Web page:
Virginia Divorce Laws

When you have reached the point that your marriage cannot be saved, filing for divorce gives you a legal way to end the marriage. Yet, before you do, make sure you understand the laws surrounding the process and how they affect you.

Who Can File for Divorce and On What Grounds

In order to file for divorce in Virginia, you must first meet the state’s residency requirements. The state requires that at least one of the spouses is a resident of the state for six months prior to filing for divorce.

If you meet the residency requirements you must then have appropriate grounds for divorce. Virginia allows for no-fault divorce if the husband and wife and lived apart without cohabitation for a full year. This can be shortened to six months if there are no minor children involved and the couple has agreed to a separation agreement. Fault reasons for divorce allowable in the state include:

  • Adultery, sodomy or buggery outside of the marriage
  • Conviction of a felony with an imprisonment of one year
  • Cruelty leading to fear of bodily hurt or willful desertion for a period of one year

If one of the members of the marriage is in the military, the couple must follow military family law. This may require the help of an attorney who understands the specifics of military family law. Military couples can file for divorce in Virginia if they meet the residency requirements, even if their time living in the state is due to a military placement, not a permanent residence.

Division of Property

Virginia follows the equitable distribution model for distributing goods after a divorce. This distributes the goods based on what is fair, not necessarily what is equal. If the couple cannot decide on a division agreement, the marital property will be divided with the following factors taken into consideration:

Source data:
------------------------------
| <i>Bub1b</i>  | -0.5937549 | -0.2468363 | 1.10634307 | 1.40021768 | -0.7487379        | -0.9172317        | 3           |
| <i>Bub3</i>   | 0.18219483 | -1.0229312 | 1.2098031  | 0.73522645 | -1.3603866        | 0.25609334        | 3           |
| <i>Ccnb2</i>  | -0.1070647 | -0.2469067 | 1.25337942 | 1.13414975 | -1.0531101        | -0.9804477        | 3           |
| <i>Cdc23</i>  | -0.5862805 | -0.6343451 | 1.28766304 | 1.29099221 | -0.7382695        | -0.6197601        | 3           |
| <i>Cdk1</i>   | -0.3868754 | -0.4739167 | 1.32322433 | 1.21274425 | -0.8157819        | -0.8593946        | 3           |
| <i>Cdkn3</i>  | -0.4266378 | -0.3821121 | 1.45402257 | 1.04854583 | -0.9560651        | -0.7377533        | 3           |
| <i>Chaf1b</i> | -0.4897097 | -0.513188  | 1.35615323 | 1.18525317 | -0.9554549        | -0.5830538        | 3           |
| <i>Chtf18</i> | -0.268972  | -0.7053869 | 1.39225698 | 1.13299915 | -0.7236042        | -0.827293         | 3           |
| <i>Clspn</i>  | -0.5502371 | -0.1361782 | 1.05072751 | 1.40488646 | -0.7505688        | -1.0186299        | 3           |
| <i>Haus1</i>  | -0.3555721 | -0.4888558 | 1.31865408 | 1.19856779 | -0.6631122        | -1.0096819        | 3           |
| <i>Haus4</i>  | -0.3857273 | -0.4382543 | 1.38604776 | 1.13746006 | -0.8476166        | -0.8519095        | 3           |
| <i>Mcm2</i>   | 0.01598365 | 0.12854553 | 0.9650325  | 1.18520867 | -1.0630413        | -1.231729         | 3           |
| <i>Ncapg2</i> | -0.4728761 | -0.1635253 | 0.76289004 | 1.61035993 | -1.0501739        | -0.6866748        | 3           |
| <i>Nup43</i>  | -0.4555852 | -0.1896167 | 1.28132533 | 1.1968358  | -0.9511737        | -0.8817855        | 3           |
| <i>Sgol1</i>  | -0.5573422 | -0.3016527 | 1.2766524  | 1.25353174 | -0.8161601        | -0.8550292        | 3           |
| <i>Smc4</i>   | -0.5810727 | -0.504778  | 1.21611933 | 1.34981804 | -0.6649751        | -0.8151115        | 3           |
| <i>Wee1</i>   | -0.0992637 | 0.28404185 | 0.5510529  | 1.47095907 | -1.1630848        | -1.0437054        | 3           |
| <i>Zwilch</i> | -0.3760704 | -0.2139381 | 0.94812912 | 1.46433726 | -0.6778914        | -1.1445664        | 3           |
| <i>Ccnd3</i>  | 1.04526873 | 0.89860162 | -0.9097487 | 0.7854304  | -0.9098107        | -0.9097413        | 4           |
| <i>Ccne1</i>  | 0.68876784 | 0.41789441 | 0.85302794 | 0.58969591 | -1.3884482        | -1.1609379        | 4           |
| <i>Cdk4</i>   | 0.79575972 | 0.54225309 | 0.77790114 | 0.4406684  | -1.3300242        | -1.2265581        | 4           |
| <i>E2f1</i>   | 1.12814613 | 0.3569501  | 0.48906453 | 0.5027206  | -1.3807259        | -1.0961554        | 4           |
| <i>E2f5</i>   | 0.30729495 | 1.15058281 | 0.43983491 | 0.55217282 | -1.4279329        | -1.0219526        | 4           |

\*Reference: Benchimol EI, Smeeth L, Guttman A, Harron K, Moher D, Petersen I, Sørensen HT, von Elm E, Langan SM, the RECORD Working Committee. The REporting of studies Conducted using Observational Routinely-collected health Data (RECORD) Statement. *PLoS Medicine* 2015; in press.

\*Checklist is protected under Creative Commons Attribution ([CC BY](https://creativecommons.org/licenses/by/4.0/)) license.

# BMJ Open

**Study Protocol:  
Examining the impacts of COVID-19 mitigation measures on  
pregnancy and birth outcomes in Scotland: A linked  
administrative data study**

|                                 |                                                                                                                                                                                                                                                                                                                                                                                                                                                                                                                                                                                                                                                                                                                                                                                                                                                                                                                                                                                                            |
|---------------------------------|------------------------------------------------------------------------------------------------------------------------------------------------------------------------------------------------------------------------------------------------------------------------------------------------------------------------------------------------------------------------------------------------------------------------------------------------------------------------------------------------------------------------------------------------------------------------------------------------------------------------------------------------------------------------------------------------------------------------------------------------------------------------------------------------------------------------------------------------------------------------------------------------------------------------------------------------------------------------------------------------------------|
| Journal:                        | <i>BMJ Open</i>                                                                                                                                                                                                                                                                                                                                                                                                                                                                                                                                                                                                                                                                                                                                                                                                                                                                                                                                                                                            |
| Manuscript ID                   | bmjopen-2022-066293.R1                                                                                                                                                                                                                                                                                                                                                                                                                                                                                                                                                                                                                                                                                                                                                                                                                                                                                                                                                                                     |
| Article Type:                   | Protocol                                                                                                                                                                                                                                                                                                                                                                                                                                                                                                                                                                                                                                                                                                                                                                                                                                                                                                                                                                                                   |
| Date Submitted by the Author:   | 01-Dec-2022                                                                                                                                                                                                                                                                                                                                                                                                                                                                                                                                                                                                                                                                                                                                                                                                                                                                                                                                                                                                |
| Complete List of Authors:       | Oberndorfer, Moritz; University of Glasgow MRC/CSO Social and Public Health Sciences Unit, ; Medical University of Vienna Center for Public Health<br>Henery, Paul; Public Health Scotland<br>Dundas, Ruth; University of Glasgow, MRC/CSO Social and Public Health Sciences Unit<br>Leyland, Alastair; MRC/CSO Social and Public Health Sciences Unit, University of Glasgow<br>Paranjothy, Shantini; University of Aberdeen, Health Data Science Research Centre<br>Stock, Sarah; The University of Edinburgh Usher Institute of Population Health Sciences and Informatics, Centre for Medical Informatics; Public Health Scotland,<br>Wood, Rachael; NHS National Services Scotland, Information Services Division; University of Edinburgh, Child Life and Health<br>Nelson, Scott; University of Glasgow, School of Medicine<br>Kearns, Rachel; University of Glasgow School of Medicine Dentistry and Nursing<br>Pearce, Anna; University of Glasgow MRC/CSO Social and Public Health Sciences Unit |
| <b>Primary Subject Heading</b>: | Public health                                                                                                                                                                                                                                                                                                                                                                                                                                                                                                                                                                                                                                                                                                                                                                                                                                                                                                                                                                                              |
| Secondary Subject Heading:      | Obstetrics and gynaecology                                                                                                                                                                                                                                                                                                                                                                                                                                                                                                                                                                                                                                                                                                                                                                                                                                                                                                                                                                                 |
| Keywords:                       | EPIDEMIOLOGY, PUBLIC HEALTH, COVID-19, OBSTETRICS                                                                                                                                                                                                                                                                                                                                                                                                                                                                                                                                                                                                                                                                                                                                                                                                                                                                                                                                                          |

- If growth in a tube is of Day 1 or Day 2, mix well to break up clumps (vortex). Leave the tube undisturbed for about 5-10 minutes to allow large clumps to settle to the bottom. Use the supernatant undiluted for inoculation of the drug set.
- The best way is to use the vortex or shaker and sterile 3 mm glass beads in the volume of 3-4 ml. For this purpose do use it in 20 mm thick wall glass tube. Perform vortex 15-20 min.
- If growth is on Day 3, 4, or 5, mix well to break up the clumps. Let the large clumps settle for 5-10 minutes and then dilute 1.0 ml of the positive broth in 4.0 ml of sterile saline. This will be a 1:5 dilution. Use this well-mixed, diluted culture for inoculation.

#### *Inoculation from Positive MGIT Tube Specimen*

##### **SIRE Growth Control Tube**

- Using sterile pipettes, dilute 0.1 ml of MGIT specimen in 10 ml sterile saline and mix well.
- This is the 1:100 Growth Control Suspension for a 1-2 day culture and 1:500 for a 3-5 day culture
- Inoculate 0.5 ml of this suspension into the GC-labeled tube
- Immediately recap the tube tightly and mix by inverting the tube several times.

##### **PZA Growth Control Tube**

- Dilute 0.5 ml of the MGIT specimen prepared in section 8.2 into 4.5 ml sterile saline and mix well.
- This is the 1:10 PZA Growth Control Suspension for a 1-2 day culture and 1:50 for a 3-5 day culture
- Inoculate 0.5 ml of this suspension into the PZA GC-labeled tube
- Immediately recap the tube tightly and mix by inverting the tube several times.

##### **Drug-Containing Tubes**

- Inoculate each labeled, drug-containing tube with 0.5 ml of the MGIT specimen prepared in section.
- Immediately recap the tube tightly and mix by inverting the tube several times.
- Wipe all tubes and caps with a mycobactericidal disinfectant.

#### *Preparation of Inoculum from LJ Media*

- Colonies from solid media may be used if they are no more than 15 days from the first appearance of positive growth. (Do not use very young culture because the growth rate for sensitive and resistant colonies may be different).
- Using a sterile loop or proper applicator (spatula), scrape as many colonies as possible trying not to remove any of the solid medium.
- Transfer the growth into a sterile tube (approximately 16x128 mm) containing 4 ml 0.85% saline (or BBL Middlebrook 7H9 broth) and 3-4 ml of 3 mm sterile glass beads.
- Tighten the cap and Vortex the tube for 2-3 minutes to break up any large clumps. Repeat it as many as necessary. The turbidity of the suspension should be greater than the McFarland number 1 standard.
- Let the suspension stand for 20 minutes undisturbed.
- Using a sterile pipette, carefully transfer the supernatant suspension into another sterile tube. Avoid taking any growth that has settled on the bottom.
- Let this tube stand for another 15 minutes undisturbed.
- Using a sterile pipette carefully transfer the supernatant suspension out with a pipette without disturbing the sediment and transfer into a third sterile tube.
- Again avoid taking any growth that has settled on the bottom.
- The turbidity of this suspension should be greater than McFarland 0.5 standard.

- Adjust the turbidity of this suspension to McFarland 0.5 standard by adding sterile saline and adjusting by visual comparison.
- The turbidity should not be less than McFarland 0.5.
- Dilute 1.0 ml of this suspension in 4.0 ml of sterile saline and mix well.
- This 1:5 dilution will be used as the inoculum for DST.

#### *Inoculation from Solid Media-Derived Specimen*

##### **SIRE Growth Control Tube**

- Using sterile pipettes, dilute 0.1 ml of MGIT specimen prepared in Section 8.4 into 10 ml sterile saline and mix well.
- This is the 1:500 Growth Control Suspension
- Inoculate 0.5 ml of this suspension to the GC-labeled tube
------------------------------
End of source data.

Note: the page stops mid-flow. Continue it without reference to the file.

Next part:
• Contributions made to the well-being of the family
  • Contributions to the acquisition and care of the marital property
  • Length of the marriage
  • Age, physical, and mental condition
  • Circumstances that contributed to the separation
  • How and when items were acquired
  • Debts and other liabilities of each party
  • Liquidity of marital property
  • Tax consequences
  • The dissipation or sale of marital property in anticipation of the separation
  • Other factors the courts feel is necessary

Child Custody

When children are involved in the divorce, the custody arrangement will be made based on what is in the children’s best interests. Factors considered may include:

  • Age of the parents
  • Age of the child
  • Health of the child
  • Wishes of the child
  • Child’s needs
  • Parental roles of each parent


Some cases will require the payment of spousal support form one spouse to the next. This is handled on a case-by-case basis at the court’s discretion. When it is deemed appropriate for one spouse to support the other, the following factors will be considered:

  • Obligations, needs, and financial resources of the parties
  • Standard of living during the marriage
  • Length of the marriage
  • Age, physical, and mental condition
  • Whether or not the custodial parent can and should seek employment outside of the home
  • Contributions to the well being of the family
  • Property interests of the parties
  • Division of property
  • Earning capacities and job skills and training
  • Present employment opportunities
  • Opportunity for and cost of pursuing further education or training for employment
  • Decisions regarding employment, education, and career for both parties
  • Extent to which one party contributed to the education or career advancement of the other
  • Tax consequences

Child support amounts are decided based on the Income Shares Model for child support. This divides the cost to care for the children between the two parents in proportion to their incomes. The non-custodial parent will pay his or her amount to the custodial parent.